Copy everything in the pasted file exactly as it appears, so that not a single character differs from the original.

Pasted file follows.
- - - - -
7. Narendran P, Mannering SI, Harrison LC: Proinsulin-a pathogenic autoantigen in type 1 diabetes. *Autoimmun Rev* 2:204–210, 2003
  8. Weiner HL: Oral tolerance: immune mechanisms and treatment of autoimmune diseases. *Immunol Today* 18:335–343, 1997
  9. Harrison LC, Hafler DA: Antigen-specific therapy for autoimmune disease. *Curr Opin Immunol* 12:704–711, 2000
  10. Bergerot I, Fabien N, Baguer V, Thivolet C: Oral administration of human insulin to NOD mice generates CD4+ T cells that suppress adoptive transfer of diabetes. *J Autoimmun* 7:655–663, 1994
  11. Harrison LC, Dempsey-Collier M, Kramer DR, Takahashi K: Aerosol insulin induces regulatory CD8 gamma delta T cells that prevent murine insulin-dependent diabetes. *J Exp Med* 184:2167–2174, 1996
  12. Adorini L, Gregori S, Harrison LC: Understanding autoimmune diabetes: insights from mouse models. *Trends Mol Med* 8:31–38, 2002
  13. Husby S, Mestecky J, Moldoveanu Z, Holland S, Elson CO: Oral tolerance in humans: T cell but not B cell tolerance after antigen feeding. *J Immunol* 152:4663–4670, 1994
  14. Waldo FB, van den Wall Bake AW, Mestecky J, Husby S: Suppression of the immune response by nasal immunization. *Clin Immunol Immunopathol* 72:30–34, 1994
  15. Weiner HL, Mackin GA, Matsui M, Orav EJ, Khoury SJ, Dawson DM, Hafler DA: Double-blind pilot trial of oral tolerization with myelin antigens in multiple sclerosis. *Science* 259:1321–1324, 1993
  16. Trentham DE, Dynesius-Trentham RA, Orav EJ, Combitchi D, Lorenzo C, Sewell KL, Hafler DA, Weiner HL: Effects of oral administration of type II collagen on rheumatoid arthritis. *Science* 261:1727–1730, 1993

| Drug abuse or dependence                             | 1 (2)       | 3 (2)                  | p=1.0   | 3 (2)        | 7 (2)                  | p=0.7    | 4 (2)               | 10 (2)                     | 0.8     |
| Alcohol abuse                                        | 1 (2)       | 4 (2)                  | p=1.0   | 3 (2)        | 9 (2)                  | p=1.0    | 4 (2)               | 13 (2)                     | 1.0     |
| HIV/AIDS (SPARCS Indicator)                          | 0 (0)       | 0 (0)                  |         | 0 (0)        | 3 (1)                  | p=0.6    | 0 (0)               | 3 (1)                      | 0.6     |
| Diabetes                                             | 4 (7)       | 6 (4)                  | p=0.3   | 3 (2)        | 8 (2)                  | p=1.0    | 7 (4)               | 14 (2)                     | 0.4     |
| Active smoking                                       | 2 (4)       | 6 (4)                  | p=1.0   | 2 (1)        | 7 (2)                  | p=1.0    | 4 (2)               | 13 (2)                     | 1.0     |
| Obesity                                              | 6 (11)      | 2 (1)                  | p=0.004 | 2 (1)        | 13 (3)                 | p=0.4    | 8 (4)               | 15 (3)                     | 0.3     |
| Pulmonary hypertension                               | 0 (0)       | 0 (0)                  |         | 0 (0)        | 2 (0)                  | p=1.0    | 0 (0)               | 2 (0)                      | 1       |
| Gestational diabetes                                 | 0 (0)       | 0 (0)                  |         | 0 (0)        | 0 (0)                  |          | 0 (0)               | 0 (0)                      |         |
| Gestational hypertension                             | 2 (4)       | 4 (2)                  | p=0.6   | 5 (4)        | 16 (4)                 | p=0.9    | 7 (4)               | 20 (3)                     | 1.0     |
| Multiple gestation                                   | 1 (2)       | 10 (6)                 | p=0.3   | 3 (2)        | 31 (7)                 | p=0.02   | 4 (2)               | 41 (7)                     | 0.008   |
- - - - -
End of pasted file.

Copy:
7. Narendran P, Mannering SI, Harrison LC: Proinsulin-a pathogenic autoantigen in type 1 diabetes. *Autoimmun Rev* 2:204–210, 2003
  8. Weiner HL: Oral tolerance: immune mechanisms and treatment of autoimmune diseases. *Immunol Today* 18:335–343, 1997
  9. Harrison LC, Hafler DA: Antigen-specific therapy for autoimmune disease. *Curr Opin Immunol* 12:704–711, 2000
  10. Bergerot I, Fabien N, Baguer V, Thivolet C: Oral administration of human insulin to NOD mice generates CD4+ T cells that suppress adoptive transfer of diabetes. *J Autoimmun* 7:655–663, 1994
  11. Harrison LC, Dempsey-Collier M, Kramer DR, Takahashi K: Aerosol insulin induces regulatory CD8 gamma delta T cells that prevent murine insulin-dependent diabetes. *J Exp Med* 184:2167–2174, 1996
  12. Adorini L, Gregori S, Harrison LC: Understanding autoimmune diabetes: insights from mouse models. *Trends Mol Med* 8:31–38, 2002
  13. Husby S, Mestecky J, Moldoveanu Z, Holland S, Elson CO: Oral tolerance in humans: T cell but not B cell tolerance after antigen feeding. *J Immunol* 152:4663–4670, 1994
  14. Waldo FB, van den Wall Bake AW, Mestecky J, Husby S: Suppression of the immune response by nasal immunization. *Clin Immunol Immunopathol* 72:30–34, 1994
  15. Weiner HL, Mackin GA, Matsui M, Orav EJ, Khoury SJ, Dawson DM, Hafler DA: Double-blind pilot trial of oral tolerization with myelin antigens in multiple sclerosis. *Science* 259:1321–1324, 1993
  16. Trentham DE, Dynesius-Trentham RA, Orav EJ, Combitchi D, Lorenzo C, Sewell KL, Hafler DA, Weiner HL: Effects of oral administration of type II collagen on rheumatoid arthritis. *Science* 261:1727–1730, 1993

| Drug abuse or dependence                             | 1 (2)       | 3 (2)                  | p=1.0   | 3 (2)        | 7 (2)                  | p=0.7    | 4 (2)               | 10 (2)                     | 0.8     |
| Alcohol abuse                                        | 1 (2)       | 4 (2)                  | p=1.0   | 3 (2)        | 9 (2)                  | p=1.0    | 4 (2)               | 13 (2)                     | 1.0     |
| HIV/AIDS (SPARCS Indicator)                          | 0 (0)       | 0 (0)                  |         | 0 (0)        | 3 (1)                  | p=0.6    | 0 (0)               | 3 (1)                      | 0.6     |
| Diabetes                                             | 4 (7)       | 6 (4)                  | p=0.3   | 3 (2)        | 8 (2)                  | p=1.0    | 7 (4)               | 14 (2)                     | 0.4     |
| Active smoking                                       | 2 (4)       | 6 (4)                  | p=1.0   | 2 (1)        | 7 (2)                  | p=1.0    | 4 (2)               | 13 (2)                     | 1.0     |
| Obesity                                              | 6 (11)      | 2 (1)                  | p=0.004 | 2 (1)        | 13 (3)                 | p=0.4    | 8 (4)               | 15 (3)                     | 0.3     |
| Pulmonary hypertension                               | 0 (0)       | 0 (0)                  |         | 0 (0)        | 2 (0)                  | p=1.0    | 0 (0)               | 2 (0)                      | 1       |
| Gestational diabetes                                 | 0 (0)       | 0 (0)                  |         | 0 (0)        | 0 (0)                  |          | 0 (0)               | 0 (0)                      |         |
| Gestational hypertension                             | 2 (4)       | 4 (2)                  | p=0.6   | 5 (4)        | 16 (4)                 | p=0.9    | 7 (4)               | 20 (3)                     | 1.0     |
| Multiple gestation                                   | 1 (2)       | 10 (6)                 | p=0.3   | 3 (2)        | 31 (7)                 | p=0.02   | 4 (2)               | 41 (7)                     | 0.008   |